Monday September 26, 2022


December 27, 2020

The recent declarations by the top leadership of Pakistan’s main political parties who have formed an umbrella alliance called the PDM – that they would resign from their seats in the national and provincial assemblies and resort to a long march to force the prime minister to resign – are legally aimless.

Let me take the issue of resignations first. Under the constitution, it is every member’s right to resign by informing the respective speaker. Normally this occurs if there is a scandal or if a political party member does not agree with their party’s policy. En-masse resignations have also been sometimes used to protest when there is no acceptable democratic constitutional framework governing a country. Whatever the reason, the spirit of democracy requires that the resignation must serve some clear legitimate ideal or purpose.

What would then happen if the opposition decides to resign from their seats in the national and provincial assemblies? The constitution provides the answer. It states that in case of any resignation, the Election Commission shall hold by-elections within 90 days in the relevant constituencies. During those 90 days, parliament and the provincial assemblies continue to function as before and, as long as at least one-fourth members of the relevant assemblies required for the quorum are present, the assemblies can even pass laws.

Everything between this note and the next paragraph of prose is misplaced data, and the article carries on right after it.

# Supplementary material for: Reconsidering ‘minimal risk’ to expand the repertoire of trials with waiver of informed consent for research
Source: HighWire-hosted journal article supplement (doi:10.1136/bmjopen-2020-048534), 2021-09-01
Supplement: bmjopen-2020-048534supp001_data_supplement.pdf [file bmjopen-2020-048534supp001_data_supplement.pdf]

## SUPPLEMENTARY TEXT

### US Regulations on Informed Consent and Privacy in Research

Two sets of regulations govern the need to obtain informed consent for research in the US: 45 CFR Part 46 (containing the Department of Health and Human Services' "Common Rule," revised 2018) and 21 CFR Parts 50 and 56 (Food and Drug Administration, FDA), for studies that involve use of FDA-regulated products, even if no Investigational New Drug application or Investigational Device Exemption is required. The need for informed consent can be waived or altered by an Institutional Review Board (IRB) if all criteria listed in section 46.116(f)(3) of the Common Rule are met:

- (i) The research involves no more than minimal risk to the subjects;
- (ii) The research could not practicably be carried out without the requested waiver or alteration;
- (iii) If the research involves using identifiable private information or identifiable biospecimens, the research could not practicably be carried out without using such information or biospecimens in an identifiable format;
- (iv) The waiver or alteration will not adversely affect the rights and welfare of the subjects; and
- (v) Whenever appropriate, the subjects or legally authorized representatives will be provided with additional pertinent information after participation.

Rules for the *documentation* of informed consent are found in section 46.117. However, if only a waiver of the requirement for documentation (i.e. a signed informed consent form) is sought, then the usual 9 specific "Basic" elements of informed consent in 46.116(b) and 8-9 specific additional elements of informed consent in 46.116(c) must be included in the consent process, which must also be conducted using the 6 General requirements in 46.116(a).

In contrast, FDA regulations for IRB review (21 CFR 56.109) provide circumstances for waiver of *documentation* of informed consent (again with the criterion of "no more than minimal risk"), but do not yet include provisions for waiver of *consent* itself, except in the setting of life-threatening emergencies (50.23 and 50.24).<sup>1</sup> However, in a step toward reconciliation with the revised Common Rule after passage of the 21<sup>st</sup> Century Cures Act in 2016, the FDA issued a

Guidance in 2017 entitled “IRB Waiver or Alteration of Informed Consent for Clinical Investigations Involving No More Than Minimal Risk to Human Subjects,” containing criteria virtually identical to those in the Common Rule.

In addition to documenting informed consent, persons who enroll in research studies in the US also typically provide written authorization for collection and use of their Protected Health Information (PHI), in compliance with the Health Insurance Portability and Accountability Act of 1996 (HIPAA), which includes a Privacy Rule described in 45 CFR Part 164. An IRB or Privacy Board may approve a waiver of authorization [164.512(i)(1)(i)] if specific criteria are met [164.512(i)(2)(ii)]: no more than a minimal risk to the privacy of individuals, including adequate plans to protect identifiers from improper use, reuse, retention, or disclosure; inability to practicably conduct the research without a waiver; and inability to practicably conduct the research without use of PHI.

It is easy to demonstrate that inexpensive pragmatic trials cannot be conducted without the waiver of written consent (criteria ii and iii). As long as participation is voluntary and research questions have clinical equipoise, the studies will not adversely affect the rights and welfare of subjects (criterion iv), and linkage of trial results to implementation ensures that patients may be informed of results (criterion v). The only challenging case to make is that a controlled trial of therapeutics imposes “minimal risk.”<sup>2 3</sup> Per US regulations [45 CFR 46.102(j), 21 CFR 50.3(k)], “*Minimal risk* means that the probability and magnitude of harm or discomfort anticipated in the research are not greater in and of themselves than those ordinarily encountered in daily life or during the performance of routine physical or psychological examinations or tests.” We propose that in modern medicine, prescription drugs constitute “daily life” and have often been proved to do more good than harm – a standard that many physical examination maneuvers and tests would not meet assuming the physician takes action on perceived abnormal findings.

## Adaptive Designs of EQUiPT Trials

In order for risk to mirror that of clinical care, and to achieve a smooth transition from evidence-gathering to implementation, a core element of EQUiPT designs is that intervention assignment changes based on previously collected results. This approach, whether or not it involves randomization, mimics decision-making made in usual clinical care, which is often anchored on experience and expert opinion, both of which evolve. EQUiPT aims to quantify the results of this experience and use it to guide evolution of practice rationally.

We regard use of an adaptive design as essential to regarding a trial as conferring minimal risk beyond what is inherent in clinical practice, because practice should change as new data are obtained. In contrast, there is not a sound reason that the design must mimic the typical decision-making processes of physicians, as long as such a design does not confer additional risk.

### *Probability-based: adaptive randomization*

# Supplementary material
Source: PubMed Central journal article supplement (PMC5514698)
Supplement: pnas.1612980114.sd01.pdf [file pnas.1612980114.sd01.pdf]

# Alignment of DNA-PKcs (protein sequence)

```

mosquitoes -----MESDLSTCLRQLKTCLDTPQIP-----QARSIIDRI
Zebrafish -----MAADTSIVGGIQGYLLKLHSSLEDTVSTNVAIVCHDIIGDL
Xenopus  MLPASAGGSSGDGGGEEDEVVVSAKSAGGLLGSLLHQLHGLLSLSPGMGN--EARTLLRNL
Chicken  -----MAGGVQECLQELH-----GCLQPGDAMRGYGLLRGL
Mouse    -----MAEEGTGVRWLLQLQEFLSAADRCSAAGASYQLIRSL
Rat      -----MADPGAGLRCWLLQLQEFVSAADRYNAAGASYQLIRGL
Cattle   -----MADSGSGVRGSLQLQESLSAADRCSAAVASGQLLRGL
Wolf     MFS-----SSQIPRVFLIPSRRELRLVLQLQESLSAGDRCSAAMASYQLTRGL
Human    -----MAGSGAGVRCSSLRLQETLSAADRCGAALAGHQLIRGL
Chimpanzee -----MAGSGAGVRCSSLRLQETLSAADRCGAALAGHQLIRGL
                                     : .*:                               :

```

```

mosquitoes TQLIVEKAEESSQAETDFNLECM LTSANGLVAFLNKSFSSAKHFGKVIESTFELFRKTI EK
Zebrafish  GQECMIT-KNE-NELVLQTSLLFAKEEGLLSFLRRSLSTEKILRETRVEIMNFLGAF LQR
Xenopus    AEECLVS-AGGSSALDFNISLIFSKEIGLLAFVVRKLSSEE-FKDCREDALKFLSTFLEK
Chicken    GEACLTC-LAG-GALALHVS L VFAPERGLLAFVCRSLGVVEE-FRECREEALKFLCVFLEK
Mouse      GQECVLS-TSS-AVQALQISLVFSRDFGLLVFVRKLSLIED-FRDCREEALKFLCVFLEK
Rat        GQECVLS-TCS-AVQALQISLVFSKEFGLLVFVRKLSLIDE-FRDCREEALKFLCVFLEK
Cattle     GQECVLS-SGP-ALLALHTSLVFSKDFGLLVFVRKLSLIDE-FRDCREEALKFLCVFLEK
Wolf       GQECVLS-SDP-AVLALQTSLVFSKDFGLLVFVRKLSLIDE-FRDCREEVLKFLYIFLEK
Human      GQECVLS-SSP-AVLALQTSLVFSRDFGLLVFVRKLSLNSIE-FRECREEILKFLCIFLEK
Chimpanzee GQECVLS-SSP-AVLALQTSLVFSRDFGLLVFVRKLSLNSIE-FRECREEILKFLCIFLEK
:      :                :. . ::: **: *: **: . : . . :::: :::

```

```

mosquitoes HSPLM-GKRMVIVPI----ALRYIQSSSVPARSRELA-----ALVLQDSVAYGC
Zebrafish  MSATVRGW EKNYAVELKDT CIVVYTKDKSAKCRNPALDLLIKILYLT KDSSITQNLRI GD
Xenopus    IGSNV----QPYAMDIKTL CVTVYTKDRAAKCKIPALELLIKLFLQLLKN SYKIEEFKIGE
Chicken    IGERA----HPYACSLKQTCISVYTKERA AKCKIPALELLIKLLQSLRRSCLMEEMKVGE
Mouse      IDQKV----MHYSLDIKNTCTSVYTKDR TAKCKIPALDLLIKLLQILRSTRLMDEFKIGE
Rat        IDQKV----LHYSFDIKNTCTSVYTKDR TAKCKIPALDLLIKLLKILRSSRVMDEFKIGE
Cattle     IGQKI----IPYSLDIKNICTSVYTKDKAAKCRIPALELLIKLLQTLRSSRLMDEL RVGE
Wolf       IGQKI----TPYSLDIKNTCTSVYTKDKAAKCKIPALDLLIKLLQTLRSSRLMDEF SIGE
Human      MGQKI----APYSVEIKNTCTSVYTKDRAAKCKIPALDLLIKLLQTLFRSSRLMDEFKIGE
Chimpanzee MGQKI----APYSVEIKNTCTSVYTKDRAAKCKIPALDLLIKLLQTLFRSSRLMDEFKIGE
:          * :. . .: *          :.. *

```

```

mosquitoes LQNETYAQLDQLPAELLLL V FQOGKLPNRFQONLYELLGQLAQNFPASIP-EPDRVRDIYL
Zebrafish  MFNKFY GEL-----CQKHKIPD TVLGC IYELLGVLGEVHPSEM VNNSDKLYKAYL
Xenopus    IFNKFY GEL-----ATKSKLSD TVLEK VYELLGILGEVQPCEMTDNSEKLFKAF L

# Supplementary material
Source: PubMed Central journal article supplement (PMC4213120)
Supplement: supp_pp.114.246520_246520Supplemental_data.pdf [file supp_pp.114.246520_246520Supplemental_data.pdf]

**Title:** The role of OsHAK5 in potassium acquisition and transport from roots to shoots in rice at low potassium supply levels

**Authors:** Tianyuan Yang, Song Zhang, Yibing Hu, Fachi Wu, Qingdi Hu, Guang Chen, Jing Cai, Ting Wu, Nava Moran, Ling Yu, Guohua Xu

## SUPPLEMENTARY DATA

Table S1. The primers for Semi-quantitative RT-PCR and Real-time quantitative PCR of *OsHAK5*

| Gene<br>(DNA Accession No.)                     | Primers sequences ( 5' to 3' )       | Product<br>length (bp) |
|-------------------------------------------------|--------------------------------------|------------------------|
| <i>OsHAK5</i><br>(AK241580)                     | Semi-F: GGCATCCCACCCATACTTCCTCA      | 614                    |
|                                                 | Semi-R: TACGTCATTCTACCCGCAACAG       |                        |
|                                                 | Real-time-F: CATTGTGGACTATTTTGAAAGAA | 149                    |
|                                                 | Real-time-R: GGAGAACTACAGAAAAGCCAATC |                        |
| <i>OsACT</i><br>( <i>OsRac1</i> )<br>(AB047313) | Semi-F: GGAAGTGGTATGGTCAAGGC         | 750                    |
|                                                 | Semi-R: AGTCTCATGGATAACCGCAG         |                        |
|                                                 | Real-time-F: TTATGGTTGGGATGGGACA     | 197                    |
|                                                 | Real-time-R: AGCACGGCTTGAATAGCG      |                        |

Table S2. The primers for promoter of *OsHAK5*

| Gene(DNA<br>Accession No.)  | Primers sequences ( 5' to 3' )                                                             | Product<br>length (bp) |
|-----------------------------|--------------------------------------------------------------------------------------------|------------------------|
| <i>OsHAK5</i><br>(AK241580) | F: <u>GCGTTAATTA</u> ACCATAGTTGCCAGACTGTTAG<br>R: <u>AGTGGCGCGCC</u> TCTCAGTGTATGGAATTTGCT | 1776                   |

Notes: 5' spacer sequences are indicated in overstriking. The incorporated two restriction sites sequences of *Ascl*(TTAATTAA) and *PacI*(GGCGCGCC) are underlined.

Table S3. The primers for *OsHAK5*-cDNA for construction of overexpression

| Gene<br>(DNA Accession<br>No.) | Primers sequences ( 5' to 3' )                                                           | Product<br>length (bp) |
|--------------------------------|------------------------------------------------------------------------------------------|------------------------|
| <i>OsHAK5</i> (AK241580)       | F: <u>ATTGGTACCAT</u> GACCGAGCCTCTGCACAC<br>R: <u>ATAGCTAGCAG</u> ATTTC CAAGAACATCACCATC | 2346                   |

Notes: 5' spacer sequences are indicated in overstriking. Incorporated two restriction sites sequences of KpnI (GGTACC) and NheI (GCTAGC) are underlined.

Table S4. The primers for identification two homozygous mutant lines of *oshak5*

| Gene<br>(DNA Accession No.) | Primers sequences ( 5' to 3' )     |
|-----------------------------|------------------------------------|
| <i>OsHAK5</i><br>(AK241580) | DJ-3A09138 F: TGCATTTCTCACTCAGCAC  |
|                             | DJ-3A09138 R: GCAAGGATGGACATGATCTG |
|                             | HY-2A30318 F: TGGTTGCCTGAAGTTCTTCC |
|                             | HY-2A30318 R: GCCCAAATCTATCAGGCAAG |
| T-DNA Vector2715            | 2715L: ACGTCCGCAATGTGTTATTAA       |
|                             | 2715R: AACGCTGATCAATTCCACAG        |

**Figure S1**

If the PDM leadership’s intent in resigning en masse is to stop the Senate elections, that too will not happen. Under the constitution and the elections laws made thereunder, each provincial assembly and the National Assembly are to elect their own senators. Assuming that all opposition members resign from provincial assemblies, then the remaining members in those assemblies are entitled to elect the senators. This will practically mean that almost 100 percent senators from at least Punjab and Khyber Pakhtunkhwa would be elected from amongst the PTI and its allies.

Let us examine the next possible move of the opposition to dissolve the Sindh Assembly – which some believe will affect the Senate elections because the electoral college would be incomplete. This argument is also fallacious. If the framers of the constitution had intended that the elections would have to be postponed on the dissolution of one assembly, it would have been provided expressly. The silence of the constitution is meaningful and deliberate. What will happen, therefore, is that senators can be elected from the Punjab, KP, Balochistan assemblies and the National Assembly by members who have not resigned, while by-elections will be held for the Sindh Assembly within 90 days. The new assembly will then elect senators from Sindh. This is because the Senate is not subject to dissolution.